In the weeks since Easter we’ve looked specifically at the Apostles’ Creed, the statement Christian faith of our baptism. Today we’ll explore the question of the baptismal vows themselves. Baptism is the sign of Christian initiation – through the waters of baptism we are made a part of God’s new Creation; we are made a new kind of creature, though still human; we are enabled, by God’s Spirit, to say “yes” to Jesus – to follow Him, to be His disciples, as we should. Today I’d like to just hone in on one of the baptismal vows. When a child is first presented for baptism, in the liturgy, the parents and godparents are asked a specific question: Will you by your prayers and witness help this child to grow into the full stature of Christ?
That’s a big question, because Christ’s stature is huge. Consider that for a moment. I remember a scene in Arnold Schwarzenegger’s movie The Last Action Hero where his character is in a movie rental outlet and he comes upon a life-size cardboard cut-out of Sylvester Stallone. Both men being known for their physical strength and size (that being the measure of their respective “stature”), Arnold looks at Sly’s arms, then at his own “guns” then back at Sly’s, and shakes his head mockingly as he chuckles to himself and walks away.
Both were known for being strong, action heroes – the comparison was fitting, I suppose. But stature isn’t just about height, or strength, or weight (physical things), but also about achievement, greatness, proficiency – really, in any area. The full stature of Christ – who denied self-ambition and humbled Himself to death on the Cross and in doing so won salvation for all whop ut their trust in Him; the full stature of Christ – who sends His Spirit on His Church with gifts of power; the full stature of Christ – who lived a perfect life, and now sits at the right hand of God the Father, reigning on high. The full stature of Christ is big. It’s no small thing that we ask parents and godparents to, by their prayers and witness, help a child grow into the full stature of Christ – but it is a necessary thing to ask. Growth into the stature of the master is every student’s, every disciple’s, goal. It is what we’ve signed on for – what our Christian devotion directs us toward – what we strive for.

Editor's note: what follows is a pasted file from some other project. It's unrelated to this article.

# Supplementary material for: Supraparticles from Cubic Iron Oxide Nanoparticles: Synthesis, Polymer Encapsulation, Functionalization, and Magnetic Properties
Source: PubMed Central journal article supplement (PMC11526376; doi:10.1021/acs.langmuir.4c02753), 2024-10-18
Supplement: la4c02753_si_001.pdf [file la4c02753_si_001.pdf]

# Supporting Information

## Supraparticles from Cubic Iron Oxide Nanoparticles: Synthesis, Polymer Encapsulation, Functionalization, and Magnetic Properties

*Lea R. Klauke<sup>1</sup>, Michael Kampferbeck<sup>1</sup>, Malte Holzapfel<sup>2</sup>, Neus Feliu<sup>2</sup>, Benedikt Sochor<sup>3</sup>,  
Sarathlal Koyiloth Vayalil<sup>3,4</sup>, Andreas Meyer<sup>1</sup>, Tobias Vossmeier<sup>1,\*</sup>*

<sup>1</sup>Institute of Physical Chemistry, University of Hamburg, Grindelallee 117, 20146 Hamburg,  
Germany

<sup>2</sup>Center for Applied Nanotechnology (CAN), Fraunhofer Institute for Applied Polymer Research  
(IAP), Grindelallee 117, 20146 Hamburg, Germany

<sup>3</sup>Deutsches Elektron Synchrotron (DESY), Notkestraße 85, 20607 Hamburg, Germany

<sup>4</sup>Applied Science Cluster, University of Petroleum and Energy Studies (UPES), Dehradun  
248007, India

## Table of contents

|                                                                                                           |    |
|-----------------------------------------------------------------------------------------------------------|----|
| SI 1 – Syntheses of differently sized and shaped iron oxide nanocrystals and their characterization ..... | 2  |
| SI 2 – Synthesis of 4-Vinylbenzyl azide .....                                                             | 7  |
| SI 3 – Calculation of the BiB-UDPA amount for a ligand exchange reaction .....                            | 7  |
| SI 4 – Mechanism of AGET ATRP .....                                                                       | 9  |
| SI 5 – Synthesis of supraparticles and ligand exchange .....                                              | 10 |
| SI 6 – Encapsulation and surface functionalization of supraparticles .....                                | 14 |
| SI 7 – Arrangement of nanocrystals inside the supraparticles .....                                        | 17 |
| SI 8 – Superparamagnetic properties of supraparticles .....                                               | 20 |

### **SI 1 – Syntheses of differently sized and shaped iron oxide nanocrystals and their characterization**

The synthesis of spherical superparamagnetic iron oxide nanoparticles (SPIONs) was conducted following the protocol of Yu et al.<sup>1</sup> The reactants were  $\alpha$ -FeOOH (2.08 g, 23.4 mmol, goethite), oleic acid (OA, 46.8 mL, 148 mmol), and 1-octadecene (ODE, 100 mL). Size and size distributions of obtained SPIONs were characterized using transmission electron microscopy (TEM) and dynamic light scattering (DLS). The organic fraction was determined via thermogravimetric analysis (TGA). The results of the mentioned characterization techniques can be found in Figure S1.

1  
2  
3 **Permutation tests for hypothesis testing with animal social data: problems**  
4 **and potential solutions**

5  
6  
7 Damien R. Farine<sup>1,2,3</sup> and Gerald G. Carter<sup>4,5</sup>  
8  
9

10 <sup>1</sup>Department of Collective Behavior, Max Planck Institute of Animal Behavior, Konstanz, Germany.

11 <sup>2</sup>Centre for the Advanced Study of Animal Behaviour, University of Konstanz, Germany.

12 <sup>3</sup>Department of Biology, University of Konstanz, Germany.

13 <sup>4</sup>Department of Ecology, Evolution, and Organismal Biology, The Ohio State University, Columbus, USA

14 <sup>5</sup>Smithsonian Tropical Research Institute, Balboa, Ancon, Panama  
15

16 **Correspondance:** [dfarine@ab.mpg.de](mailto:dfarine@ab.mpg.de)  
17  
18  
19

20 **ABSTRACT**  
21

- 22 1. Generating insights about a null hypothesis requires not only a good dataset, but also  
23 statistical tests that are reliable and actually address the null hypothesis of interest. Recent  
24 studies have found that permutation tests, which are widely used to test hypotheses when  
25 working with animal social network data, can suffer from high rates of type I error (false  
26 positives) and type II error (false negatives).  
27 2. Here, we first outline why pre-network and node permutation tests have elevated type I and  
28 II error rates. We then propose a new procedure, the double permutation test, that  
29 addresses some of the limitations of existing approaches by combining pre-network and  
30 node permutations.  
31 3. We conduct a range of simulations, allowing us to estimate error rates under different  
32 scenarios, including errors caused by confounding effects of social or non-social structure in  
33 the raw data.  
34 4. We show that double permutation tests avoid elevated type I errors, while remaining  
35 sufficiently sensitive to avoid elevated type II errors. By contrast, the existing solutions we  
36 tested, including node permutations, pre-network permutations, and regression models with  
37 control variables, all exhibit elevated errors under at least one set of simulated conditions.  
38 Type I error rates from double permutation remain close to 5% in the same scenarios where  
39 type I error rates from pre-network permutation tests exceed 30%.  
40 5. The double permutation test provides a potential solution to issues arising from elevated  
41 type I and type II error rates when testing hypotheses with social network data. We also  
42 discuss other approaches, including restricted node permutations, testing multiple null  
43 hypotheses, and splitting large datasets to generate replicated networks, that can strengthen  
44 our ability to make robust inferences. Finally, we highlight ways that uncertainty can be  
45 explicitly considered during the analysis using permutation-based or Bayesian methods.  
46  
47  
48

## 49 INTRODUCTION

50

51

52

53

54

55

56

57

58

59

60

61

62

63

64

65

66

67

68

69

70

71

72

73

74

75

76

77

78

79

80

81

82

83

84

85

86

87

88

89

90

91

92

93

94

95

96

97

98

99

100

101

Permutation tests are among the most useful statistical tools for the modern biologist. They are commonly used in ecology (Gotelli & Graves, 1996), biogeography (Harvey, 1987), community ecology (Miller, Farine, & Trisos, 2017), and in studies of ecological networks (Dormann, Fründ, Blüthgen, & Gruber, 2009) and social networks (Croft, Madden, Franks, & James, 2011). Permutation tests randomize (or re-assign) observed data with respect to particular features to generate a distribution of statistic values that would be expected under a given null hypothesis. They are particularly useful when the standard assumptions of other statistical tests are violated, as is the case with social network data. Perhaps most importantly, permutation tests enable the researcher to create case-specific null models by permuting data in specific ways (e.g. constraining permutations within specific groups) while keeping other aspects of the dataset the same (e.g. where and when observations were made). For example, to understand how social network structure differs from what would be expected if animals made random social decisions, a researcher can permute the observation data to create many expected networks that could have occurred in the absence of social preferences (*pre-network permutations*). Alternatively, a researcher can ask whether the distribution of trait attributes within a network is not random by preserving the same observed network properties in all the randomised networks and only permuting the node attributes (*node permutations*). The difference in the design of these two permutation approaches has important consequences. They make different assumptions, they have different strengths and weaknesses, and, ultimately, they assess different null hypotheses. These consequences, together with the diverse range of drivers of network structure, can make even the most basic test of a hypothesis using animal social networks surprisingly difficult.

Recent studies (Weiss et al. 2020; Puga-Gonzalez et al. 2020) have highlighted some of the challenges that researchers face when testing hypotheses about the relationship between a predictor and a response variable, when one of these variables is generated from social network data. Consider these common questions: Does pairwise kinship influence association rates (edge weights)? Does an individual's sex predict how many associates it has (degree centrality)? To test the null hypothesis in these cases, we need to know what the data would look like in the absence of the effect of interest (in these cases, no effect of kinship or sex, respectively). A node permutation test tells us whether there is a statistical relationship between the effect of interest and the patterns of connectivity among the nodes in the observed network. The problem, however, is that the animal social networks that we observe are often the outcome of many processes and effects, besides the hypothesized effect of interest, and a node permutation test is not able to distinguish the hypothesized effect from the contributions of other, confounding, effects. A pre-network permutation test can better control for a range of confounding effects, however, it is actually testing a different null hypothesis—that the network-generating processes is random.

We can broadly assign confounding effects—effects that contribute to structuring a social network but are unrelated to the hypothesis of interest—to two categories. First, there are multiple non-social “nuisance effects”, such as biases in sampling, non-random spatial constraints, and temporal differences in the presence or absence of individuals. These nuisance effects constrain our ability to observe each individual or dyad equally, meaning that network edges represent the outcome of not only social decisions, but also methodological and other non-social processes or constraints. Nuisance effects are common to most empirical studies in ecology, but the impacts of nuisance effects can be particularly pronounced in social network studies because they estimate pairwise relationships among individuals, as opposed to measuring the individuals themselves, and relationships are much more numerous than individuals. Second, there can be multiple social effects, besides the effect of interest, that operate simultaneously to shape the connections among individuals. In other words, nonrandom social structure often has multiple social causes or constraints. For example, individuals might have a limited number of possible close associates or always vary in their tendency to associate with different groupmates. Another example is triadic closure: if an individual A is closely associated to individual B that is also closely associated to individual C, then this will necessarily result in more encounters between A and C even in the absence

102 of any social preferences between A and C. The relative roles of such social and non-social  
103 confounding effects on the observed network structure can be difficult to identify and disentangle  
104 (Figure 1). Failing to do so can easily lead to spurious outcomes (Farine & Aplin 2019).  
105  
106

That said, then, as Jesus’ disciples in the early years of the 21st Century, what will it look like for us to be faithful to Him? What will it look like for us to be His disciples, and to press on toward that goal of Christian spiritual formation – His full stature? First, let’s take a few moments to check some items off the list.
The way of discipleship, the way toward the fullness of the stature of Christ, is not the way of dependence on other people: staking personal value in the opinions of others; making decisions based on speculation about the reactions of others; politicking, in the negative sense of the word (is there a positive sense?); playing on prejudices; exploiting others’ weakness. There are not the way of Christ. These things are not the ways of Jesus’ disciples.